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Dhaka, Monday, 2016-02-06

http://www.thefinancialexpress-bd.com/2016/02/06/14330

Cutting interest rate on deposits


M S Siddiqui
When an economy is struggling, it is the standard practice of the central bank to cut interest
rates. That makes saving less attractive and borrowing more so, boosting the amount of money
being spent and kick-starting an economic recovery. Europe's central banks and the US Federal
Reserve have kept interest rates near zero for years now in the hope of making money cheap to
borrow. Bangladesh Bank (BB) talks about reduction of Bank interest rate for loan but not much
about deposits.
At present, interest rates in the USA and Europe are close to zero while our interest rate for
saving certificates is of double digit. It is presumed that because of the incentive on saving, the
country's economic activities are sluggish reflecting, among others, on poor investment. Some
central bankers are contemplating whether to drastically cut interest rates, as a kind of economic
punishment for unspent deposits. The theory is that if common people are deterred from keeping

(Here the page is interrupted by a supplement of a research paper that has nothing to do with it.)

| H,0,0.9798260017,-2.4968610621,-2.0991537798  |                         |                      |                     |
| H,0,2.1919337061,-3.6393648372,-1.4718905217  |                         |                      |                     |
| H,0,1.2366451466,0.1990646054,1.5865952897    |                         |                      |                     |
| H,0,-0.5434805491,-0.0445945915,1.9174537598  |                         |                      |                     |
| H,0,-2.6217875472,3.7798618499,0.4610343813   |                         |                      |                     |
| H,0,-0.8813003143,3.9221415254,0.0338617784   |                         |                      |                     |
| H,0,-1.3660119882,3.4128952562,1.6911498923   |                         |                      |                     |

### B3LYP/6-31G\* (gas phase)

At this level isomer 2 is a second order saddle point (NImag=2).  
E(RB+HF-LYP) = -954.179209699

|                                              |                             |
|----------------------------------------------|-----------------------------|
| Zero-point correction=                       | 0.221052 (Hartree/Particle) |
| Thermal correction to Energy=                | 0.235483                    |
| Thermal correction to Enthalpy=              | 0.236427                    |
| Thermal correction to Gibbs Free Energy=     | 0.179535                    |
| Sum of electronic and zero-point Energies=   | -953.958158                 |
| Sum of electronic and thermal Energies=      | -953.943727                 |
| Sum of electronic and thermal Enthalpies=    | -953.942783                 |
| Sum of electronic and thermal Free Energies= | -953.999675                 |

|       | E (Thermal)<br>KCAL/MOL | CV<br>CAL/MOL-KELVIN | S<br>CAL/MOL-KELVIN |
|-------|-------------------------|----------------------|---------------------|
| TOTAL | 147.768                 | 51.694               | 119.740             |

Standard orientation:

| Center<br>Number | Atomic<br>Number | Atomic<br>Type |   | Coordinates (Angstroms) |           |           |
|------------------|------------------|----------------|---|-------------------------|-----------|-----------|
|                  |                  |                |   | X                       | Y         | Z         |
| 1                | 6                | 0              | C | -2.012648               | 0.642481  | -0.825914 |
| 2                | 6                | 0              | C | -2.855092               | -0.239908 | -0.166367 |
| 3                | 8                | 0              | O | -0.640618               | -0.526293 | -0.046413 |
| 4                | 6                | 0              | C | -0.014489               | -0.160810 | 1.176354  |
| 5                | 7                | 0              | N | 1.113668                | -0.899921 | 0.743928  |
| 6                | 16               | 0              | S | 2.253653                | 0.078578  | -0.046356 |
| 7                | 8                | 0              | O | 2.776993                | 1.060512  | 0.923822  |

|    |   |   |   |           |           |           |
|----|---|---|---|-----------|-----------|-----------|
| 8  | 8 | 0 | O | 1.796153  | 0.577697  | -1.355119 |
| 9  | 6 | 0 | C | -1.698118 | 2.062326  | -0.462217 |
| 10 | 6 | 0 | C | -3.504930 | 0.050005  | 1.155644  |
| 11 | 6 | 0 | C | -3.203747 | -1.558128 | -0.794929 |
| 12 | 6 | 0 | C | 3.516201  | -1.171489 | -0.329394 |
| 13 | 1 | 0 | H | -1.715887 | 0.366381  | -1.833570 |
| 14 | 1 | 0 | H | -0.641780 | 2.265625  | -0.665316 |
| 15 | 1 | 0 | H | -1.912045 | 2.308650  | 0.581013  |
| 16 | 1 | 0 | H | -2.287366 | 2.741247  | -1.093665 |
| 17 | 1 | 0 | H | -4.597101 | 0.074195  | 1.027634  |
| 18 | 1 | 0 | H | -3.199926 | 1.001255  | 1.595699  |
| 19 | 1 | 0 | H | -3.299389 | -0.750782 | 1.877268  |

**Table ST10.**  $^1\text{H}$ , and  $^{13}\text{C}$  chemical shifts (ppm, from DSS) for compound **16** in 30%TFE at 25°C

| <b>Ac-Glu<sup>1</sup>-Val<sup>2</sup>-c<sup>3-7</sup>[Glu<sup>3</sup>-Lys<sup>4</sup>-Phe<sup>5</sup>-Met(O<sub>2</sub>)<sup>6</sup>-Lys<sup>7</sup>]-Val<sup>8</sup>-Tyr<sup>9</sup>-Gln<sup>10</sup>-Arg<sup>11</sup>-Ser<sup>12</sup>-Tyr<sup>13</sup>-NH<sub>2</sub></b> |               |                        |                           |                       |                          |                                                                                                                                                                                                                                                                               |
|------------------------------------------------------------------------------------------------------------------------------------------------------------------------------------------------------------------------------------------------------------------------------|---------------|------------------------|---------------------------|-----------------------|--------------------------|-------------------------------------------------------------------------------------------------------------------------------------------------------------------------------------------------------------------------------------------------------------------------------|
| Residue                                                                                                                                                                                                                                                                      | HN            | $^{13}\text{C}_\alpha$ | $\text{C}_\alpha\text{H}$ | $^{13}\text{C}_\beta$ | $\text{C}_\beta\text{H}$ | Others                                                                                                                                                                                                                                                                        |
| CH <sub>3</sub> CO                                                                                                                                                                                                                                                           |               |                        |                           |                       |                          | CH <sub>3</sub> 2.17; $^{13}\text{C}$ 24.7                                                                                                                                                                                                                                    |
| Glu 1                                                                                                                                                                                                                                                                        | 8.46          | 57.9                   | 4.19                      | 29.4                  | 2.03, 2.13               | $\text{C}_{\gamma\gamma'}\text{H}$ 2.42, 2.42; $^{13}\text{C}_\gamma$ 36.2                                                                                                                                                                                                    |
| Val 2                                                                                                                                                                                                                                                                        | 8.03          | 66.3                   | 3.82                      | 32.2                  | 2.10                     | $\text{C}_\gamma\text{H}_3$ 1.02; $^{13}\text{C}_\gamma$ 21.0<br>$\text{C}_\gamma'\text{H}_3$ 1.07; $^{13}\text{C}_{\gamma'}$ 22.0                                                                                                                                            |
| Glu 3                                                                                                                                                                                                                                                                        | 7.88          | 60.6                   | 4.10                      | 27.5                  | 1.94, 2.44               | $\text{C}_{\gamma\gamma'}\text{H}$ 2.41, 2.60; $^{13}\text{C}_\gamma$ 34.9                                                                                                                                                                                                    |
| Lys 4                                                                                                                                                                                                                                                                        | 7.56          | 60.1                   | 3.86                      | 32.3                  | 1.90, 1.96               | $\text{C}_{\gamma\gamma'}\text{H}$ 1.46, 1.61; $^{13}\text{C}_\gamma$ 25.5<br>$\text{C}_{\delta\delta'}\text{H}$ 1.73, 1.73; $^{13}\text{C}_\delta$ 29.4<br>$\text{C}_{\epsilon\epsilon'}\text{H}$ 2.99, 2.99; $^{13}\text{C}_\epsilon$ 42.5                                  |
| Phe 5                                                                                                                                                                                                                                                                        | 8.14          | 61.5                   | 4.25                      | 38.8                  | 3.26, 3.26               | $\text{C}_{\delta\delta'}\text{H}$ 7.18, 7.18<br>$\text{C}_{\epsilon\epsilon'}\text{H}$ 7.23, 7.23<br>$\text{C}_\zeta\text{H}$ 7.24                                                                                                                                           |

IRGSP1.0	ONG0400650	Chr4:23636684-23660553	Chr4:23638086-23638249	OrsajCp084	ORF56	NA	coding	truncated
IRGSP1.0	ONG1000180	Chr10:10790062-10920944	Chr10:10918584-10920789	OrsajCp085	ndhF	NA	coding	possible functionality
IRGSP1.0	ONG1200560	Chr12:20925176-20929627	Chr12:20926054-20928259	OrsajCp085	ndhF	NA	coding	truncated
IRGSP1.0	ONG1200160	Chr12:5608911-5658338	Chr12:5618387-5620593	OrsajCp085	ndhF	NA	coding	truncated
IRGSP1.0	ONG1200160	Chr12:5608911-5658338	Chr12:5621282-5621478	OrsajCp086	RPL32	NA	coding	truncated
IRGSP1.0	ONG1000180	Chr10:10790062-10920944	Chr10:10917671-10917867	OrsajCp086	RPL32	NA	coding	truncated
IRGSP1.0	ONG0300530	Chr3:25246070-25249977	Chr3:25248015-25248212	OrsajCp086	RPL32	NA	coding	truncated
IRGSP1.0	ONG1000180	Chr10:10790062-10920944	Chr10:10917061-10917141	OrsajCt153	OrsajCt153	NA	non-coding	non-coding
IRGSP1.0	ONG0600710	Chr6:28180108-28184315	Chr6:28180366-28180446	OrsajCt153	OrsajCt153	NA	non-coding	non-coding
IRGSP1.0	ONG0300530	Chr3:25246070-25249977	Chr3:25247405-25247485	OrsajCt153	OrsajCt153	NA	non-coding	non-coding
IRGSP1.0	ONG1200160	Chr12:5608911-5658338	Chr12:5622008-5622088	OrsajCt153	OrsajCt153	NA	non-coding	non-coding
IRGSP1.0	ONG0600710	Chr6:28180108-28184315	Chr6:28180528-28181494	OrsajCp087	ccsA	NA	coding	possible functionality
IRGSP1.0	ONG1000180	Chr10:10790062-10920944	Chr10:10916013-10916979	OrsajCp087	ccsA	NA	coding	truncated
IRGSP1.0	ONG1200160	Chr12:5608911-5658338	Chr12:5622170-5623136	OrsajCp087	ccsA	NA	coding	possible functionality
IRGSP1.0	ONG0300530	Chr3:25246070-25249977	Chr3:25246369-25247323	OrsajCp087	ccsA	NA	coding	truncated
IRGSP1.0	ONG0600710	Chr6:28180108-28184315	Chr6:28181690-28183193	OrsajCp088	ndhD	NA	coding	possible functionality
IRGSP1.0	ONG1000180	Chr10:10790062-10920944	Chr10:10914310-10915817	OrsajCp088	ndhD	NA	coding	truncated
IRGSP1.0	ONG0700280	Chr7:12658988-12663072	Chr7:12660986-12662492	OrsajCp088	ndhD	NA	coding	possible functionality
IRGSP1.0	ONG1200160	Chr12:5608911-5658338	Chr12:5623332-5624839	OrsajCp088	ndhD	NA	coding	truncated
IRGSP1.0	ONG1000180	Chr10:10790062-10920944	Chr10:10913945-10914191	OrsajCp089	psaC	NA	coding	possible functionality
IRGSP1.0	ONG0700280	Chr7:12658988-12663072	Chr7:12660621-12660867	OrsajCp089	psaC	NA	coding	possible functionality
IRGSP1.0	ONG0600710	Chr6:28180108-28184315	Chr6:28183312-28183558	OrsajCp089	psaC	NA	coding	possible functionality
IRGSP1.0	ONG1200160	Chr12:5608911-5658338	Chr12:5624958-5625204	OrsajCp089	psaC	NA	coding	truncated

cash in the banks, they will withdraw it and spend some of it, thus creating economic growth
through increased circulation of money in the market. Some economists consider this dangerous.
Since cash carries an implicit rate of interest of zero per cent, consumers might well respond to
negative rates by withdrawing money from banks and stuffing it in their mattresses. The resulting
shortage of loanable funds would push interest rates up.
Europe's central banks and the US Federal Reserve have kept interest rates near zero for years
now in the hope of making money cheap to borrow. The intent is that because it costs next to
nothing to borrow money, the depositors will take advantage of that and invest it in anything that
pays more than a zero per cent return. That usually creates inflation too, as the influx of cheap,
new cash devalues the existing stock.
The Wall Street Journal reported on February 10, 2015 that after the Danish central bank had
slashed its benchmark interest rate to well below zero, some of the country's lenders followed
highly unusual moves of their own. FIH Erhvervsbank announced plans to charge retail customers
to hold money in their deposit accounts, the first Danish bank to do so. The daily Mail of UK on